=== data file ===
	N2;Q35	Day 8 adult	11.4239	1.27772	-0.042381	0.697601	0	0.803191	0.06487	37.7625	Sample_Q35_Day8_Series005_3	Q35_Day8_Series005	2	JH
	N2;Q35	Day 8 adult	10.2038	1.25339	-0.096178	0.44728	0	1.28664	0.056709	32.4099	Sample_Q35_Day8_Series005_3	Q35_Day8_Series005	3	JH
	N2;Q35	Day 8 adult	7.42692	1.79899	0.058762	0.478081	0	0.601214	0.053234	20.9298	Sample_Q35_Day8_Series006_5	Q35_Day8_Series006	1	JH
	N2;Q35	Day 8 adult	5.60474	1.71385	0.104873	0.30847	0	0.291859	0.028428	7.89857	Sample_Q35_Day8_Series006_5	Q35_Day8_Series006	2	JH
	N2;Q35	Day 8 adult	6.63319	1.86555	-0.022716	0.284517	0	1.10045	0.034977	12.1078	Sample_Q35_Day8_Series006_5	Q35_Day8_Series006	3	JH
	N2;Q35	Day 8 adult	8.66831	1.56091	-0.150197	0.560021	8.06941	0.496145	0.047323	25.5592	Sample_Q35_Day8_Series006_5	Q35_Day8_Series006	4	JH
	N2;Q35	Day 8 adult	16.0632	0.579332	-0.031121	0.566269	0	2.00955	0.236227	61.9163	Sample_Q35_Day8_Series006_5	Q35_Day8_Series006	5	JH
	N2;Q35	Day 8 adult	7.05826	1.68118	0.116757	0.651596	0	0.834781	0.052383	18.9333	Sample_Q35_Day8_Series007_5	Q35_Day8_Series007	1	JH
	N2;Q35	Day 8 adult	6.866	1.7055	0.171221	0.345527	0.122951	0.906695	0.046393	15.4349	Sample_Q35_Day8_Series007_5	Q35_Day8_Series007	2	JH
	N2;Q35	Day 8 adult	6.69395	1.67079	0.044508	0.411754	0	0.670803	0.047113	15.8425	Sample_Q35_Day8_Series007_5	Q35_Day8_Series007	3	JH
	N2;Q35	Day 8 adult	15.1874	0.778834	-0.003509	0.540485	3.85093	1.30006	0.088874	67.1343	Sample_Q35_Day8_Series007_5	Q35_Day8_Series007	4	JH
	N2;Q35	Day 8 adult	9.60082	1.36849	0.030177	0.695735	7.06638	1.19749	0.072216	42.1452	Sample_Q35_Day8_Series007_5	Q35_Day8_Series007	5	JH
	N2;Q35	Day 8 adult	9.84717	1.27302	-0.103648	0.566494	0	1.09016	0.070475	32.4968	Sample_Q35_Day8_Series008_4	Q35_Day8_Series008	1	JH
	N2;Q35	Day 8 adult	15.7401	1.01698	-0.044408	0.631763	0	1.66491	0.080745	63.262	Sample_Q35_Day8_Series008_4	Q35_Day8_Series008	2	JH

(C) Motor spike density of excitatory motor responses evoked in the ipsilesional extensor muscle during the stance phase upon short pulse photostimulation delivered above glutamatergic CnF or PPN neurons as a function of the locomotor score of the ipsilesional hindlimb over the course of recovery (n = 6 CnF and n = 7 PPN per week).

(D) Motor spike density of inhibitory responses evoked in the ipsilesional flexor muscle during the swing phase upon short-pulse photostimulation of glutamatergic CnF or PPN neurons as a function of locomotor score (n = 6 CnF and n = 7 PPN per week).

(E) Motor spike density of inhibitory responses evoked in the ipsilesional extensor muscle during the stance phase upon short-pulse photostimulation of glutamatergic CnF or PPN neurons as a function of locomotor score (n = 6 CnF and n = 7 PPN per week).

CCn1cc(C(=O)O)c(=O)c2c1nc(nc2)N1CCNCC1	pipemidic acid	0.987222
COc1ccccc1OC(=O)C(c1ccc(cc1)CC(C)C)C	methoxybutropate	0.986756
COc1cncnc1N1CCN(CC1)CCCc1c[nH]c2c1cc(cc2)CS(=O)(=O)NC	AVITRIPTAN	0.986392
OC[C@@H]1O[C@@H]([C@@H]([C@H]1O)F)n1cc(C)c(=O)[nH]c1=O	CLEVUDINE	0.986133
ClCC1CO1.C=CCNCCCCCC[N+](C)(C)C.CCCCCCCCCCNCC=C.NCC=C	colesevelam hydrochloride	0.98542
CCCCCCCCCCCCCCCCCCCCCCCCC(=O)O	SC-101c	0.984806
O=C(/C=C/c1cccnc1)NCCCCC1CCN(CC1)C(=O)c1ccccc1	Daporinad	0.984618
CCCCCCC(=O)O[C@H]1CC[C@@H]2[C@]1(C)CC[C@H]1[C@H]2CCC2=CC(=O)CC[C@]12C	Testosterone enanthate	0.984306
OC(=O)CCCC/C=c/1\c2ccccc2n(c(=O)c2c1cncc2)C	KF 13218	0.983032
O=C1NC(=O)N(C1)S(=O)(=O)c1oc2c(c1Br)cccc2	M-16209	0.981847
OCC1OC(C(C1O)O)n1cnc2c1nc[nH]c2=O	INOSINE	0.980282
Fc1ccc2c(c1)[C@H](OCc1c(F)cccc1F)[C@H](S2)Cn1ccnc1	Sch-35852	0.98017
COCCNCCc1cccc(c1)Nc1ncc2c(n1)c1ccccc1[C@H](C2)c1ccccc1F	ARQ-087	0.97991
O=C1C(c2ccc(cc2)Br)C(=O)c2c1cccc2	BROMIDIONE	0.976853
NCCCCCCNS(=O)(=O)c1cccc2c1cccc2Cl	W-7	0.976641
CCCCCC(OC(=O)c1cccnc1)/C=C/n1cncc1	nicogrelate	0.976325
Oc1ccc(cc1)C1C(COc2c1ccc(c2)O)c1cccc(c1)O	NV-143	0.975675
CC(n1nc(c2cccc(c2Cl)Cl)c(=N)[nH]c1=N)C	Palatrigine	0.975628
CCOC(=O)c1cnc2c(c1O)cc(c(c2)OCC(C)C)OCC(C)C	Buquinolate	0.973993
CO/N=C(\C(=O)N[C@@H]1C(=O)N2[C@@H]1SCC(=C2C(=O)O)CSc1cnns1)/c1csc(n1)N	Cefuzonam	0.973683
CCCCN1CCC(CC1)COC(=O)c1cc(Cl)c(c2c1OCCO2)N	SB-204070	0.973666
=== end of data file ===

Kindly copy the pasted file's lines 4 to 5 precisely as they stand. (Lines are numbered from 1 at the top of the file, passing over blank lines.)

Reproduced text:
	N2;Q35	Day 8 adult	5.60474	1.71385	0.104873	0.30847	0	0.291859	0.028428	7.89857	Sample_Q35_Day8_Series006_5	Q35_Day8_Series006	2	JH
	N2;Q35	Day 8 adult	6.63319	1.86555	-0.022716	0.284517	0	1.10045	0.034977	12.1078	Sample_Q35_Day8_Series006_5	Q35_Day8_Series006	3	JH